“Can you come with me to the doctor?” The text was from Jacqueline, my pal and confidante since 1852 (approximately) and the only girl I ever kissed. Don’t get the wrong idea: We were in Westside Story together when we were 10.
If Jacs and I needed each other, “yes” was implied. “Are you sick?” I asked.
“It’s the kind of appointment where only my GBF will do.”
Nothing more had to be said.
In San Francisco there are two kinds of male/female pairings. One is the heterosexual coupling. The second is the GBF/straight girl duo. GBF: Gay Best Friend. That’s my world: one of friendships that have lasted longer than romantic entanglements, hours conspiring in our secret language, and on a couple of occasions, trying to figure out which one of us the ambiguous hot guy was hitting on.
Like a Tibetan lama, GBFs are born, not made. I’ve developed a few theories about the root of these special relationships.
1. Biology: Around puberty same sex inclined boys usually become alienated from male peers at roughly the same moment girls are conditioned to view female peers as competition. Thus, an alliance is born.
2. Socio-politically: Historically, women and gay men have been second-class citizens in a world ruled by heterosexual men and are natural co-combatants as they fight the injustice of sexism.
3. Psychologically: One of the side effects of difficult childhoods is that some gays develop a tremendous capacity for empathy and are better friends because of it.
4. The survival of civilization: Gay men require female friends because the only reason any man of any persuasion ever behaves properly is fear of disappointing the ladies in our lives. On that same note, straight women need a man capable to give them honest answers about how they look in their clothes. I’ve spent easily half my life undressing Jacs with my eyes, and then redressing her in something different.
It’s evolutionary; if Darwin had come to San Francisco instead of the Galápagos he would have reached the same conclusion. I’m not sure San Francisco can claim credit for inventing the GBF (research indicates Elizabeth Taylor possibly discovered us sometime in the 1950s), but we’ve perfected and exported it to the rest of humanity. Before there was Will & Grace or Michelle and Marcus Bachmann (allegedly) there was Mary Ann and Michael in Tales of the City pioneering the way.
Like Jacs said, there are some moments when only a GBF will do.
In high school, it was picking the prom dress. I love spring when all the junior GBF couples take over Union Square on the hunt for that perfect, memory-worthy gown. In college, it was the ongoing crisis of young love, a crisis shared and survived together. In adulthood it’s hundreds of small questions: Where do I seat my fiancé’s embarrassing fraternity brothers at the wedding? (Away from the bar.) How do I dress appropriately for board meetings without looking like Margaret Thatcher? (Miu Miu.) What’s the best way to tell my mother to stop asking when I’m going to get pregnant? (I’ll call her and say she’s too young to be called granny.)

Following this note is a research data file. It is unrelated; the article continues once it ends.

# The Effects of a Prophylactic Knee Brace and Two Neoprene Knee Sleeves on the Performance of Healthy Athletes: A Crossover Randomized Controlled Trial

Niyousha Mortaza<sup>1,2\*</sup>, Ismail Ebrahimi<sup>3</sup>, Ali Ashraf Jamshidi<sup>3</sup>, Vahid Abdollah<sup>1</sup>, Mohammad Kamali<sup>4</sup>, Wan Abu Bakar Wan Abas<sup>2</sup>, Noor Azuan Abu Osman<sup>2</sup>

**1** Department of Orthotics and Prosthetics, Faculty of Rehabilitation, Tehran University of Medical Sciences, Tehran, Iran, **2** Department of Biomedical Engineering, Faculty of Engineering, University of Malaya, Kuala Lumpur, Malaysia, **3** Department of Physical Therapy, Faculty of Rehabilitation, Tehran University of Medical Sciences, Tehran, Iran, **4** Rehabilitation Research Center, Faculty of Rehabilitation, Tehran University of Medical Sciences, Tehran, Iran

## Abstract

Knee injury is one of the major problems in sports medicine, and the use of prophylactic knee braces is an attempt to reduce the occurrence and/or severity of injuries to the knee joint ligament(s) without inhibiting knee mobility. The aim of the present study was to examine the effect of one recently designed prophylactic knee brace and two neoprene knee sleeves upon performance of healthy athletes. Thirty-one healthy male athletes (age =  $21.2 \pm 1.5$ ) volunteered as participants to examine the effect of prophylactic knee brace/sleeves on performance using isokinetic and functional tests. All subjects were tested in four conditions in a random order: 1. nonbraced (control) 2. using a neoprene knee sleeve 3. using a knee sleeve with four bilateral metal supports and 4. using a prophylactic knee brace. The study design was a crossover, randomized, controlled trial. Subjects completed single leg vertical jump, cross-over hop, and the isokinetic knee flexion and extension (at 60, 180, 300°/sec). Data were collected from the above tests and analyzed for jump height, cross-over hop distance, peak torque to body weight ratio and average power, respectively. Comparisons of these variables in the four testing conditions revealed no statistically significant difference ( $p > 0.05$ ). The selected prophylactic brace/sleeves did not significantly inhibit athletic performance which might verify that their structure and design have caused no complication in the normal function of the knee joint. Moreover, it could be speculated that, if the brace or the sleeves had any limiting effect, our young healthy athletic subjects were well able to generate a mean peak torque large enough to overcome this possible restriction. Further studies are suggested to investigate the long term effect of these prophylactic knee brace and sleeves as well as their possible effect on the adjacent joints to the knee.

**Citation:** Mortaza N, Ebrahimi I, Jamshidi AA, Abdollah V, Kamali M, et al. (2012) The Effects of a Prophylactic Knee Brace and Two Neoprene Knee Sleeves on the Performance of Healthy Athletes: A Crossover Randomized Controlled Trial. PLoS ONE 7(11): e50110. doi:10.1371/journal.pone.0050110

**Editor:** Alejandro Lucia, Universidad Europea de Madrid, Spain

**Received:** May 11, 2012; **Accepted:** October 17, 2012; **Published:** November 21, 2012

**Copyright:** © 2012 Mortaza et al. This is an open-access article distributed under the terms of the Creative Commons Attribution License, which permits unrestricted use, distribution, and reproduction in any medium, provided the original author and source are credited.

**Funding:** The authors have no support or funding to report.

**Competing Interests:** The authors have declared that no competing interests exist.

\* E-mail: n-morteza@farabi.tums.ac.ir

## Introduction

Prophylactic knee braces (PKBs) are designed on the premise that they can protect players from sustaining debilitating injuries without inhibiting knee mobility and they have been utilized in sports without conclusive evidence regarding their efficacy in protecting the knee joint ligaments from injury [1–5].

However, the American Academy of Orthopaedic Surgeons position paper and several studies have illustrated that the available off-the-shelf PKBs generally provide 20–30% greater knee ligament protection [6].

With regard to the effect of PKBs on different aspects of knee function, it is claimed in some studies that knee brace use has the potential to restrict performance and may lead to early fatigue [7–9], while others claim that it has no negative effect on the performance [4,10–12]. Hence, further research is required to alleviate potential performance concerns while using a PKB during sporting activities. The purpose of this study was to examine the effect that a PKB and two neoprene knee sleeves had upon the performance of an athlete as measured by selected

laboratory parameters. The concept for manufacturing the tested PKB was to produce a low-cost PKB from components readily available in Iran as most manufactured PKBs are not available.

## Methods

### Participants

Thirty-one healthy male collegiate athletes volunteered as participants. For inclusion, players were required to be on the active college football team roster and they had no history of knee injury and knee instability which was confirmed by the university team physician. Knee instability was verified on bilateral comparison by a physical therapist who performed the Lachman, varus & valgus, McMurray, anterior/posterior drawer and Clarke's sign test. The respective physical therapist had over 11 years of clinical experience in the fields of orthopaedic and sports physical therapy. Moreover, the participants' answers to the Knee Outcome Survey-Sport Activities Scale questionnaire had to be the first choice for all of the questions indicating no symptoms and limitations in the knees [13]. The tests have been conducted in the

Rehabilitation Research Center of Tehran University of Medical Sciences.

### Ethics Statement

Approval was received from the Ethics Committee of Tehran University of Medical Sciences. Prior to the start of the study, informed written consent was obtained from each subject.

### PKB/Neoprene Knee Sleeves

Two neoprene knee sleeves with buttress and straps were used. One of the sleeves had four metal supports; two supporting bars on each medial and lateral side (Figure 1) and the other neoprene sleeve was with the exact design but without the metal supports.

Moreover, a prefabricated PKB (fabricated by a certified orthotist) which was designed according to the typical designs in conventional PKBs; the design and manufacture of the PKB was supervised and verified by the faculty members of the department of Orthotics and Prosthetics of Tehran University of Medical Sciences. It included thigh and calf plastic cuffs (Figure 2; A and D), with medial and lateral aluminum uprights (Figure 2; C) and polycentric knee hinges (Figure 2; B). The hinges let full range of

And then there are the occasional mysterious texts.
I arrived at the doctor’s the same time as Jacs and was immediately ushered into the examination room.
“Are you going to tell me what this is all about?” I asked.
Casing the room I didn’t see any of the usual doctor accoutrement. This was like a department store dressing room: a three-way mirror stood against one wall with an exam chair facing it. Jacs pulled a magazine page from her purse and handed it to me. It was a picture of a Playboy Playmate in all her naked glory. I was confused.
“Are you here to… get a Brazilian wax?” I asked, staring at the hairless specimen on the page. Jacs shook her head.
“You’re getting your breasts done!” I exclaimed. For years Jacs had talked about going up a few cup sizes.
“Now you see why I said this was the kind of situation only a GBF was suitable for.”
“In what way?” I asked. “This isn’t exactly my usual expertise.”
“I knew you weren’t going to disapprove on feminist grounds or get jealous like a girlfriend could,” Jacs said, taking the magazine page back. “And I love Jules (her boyfriend) but I didn’t want him here acting like he was picking out new toys. I need you to make sure I don’t become one of those girls all the other GBFs snicker at because she looks like she has a floatation device strapped to her chest.”
She had a point. Twenty minutes and three cup sizes later we had chosen a new, improved bosom for Jacs: not so big as to draw stares but enough of a difference that it was a definite upgrade.
“Is this your boyfriend?” the surgeon asked.
“She should be so lucky.” I handed him back a set of implants I’d vetoed.
“I am.” Jacs smiled.